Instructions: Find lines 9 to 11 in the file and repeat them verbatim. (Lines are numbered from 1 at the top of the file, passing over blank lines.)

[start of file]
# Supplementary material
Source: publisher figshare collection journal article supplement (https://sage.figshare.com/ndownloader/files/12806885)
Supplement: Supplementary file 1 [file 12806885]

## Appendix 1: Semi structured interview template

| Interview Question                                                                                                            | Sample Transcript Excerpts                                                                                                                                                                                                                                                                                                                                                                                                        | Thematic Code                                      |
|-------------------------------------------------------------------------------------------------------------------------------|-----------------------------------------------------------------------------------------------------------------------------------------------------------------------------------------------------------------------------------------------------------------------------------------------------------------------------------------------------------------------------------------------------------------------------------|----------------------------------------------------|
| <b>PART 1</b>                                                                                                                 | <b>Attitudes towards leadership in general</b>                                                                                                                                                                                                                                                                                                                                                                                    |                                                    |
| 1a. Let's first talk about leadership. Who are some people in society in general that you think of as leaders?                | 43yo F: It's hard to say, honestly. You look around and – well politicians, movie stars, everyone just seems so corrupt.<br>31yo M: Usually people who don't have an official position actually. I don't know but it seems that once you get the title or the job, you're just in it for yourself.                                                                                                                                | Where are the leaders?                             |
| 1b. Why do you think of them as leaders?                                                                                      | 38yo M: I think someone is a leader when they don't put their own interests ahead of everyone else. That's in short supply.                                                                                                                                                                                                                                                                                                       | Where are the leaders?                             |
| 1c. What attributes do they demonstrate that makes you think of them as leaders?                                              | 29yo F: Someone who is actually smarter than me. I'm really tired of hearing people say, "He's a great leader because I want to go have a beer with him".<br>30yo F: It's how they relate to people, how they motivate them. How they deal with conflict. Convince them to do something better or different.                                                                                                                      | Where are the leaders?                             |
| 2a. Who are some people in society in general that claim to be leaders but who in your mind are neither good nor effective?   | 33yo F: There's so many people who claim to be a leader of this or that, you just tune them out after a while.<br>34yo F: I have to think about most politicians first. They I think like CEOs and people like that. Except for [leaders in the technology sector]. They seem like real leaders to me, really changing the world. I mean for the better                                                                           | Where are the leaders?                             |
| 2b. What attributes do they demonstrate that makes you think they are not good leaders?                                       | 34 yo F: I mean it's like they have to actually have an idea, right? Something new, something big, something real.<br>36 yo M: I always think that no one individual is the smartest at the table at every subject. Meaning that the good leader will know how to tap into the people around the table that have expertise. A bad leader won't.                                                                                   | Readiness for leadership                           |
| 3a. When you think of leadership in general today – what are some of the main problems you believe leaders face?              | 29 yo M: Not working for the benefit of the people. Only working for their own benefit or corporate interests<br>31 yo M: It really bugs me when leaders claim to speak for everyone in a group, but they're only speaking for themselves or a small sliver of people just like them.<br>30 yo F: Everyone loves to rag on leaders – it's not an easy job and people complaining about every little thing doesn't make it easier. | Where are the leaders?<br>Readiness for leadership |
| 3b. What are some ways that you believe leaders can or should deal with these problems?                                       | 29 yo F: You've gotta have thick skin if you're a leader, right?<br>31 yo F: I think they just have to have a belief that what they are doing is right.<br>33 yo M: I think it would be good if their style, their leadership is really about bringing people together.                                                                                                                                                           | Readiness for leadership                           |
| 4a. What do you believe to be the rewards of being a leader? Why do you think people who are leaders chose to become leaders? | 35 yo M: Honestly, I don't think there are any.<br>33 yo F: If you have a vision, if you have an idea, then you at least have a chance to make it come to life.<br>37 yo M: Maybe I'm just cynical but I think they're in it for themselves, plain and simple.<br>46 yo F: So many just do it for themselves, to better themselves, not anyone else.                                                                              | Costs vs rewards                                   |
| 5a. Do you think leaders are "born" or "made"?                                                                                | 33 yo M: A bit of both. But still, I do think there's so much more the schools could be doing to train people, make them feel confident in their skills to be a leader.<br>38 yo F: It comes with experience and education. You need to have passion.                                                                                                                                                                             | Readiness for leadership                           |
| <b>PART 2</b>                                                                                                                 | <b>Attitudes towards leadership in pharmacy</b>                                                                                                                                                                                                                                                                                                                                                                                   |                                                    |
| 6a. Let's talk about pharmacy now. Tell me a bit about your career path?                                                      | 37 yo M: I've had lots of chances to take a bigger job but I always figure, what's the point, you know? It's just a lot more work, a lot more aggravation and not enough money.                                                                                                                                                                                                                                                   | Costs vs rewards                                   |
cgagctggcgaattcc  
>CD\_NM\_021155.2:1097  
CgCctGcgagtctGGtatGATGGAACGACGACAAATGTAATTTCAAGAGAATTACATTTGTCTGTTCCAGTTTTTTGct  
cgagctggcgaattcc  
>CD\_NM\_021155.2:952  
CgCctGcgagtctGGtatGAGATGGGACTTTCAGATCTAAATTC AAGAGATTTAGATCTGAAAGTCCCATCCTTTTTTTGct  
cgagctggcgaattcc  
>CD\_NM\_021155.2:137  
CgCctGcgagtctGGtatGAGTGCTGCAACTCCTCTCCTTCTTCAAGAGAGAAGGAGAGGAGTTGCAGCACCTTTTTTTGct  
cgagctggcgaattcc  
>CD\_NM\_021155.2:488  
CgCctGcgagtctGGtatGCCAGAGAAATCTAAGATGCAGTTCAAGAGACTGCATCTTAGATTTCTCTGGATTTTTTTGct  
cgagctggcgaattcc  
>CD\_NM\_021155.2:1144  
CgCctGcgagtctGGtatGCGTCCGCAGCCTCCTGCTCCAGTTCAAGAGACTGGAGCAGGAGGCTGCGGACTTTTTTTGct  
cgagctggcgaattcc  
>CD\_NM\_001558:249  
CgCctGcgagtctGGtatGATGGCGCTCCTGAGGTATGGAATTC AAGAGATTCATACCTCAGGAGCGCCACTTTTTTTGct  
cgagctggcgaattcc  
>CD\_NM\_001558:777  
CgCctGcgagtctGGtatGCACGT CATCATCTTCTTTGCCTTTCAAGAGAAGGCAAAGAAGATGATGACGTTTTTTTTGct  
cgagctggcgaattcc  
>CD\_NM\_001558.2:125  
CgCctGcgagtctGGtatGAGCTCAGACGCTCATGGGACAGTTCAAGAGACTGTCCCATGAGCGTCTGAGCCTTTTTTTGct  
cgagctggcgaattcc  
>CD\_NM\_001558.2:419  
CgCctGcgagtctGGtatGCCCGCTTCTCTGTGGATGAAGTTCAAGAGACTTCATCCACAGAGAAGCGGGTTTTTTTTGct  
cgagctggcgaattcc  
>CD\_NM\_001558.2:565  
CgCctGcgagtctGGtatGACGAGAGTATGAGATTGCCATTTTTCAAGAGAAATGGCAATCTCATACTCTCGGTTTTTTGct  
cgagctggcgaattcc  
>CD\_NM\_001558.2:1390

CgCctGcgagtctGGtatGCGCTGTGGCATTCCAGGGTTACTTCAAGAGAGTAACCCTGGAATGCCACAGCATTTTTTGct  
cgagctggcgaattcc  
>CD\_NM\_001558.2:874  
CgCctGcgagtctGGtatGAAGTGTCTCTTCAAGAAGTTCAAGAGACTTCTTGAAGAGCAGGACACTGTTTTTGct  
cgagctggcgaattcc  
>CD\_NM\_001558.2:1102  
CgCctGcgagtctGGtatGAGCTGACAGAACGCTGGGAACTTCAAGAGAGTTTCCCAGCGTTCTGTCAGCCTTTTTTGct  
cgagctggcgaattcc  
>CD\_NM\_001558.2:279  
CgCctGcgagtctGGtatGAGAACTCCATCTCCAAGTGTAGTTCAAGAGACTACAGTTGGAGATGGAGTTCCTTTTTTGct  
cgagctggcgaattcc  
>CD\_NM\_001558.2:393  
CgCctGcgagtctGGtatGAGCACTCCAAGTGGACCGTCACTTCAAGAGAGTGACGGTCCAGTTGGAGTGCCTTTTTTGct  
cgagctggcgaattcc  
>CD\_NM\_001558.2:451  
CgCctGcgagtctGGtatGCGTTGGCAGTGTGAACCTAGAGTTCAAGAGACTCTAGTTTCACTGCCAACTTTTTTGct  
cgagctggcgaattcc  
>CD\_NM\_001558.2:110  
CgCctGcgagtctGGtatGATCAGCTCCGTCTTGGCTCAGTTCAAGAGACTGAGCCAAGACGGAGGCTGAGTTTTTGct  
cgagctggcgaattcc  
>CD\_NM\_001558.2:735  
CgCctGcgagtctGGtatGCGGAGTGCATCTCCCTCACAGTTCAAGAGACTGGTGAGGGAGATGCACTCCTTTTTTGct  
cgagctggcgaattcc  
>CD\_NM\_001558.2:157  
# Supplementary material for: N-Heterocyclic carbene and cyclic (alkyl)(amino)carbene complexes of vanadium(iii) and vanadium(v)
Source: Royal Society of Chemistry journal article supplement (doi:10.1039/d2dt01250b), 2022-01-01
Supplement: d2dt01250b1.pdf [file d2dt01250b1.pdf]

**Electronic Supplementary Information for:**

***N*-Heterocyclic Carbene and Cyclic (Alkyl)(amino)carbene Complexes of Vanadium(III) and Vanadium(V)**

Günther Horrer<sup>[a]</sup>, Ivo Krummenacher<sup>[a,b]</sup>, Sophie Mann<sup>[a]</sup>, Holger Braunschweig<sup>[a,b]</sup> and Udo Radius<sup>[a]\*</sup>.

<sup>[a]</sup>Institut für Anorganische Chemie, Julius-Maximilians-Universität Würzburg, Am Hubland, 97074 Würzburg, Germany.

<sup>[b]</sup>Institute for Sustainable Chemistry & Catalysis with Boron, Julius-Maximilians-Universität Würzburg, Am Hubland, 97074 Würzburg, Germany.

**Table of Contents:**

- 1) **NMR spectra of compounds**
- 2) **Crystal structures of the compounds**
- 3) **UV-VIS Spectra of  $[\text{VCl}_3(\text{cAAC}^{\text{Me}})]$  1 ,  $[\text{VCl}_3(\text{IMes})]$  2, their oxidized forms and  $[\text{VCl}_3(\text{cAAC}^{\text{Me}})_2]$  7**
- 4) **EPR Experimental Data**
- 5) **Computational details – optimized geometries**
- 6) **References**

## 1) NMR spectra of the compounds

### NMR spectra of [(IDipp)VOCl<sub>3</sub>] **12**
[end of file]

| 1b. Why do you think of them as leaders?                                                                                      | 38yo M: I think someone is a leader when they don't put their own interests ahead of everyone else. That's in short supply.                                                                                                                                                                                                                                                                                                       | Where are the leaders?                             |
| 1c. What attributes do they demonstrate that makes you think of them as leaders?                                              | 29yo F: Someone who is actually smarter than me. I'm really tired of hearing people say, "He's a great leader because I want to go have a beer with him".<br>30yo F: It's how they relate to people, how they motivate them. How they deal with conflict. Convince them to do something better or different.                                                                                                                      | Where are the leaders?                             |
| 2a. Who are some people in society in general that claim to be leaders but who in your mind are neither good nor effective?   | 33yo F: There's so many people who claim to be a leader of this or that, you just tune them out after a while.<br>34yo F: I have to think about most politicians first. They I think like CEOs and people like that. Except for [leaders in the technology sector]. They seem like real leaders to me, really changing the world. I mean for the better                                                                           | Where are the leaders?                             |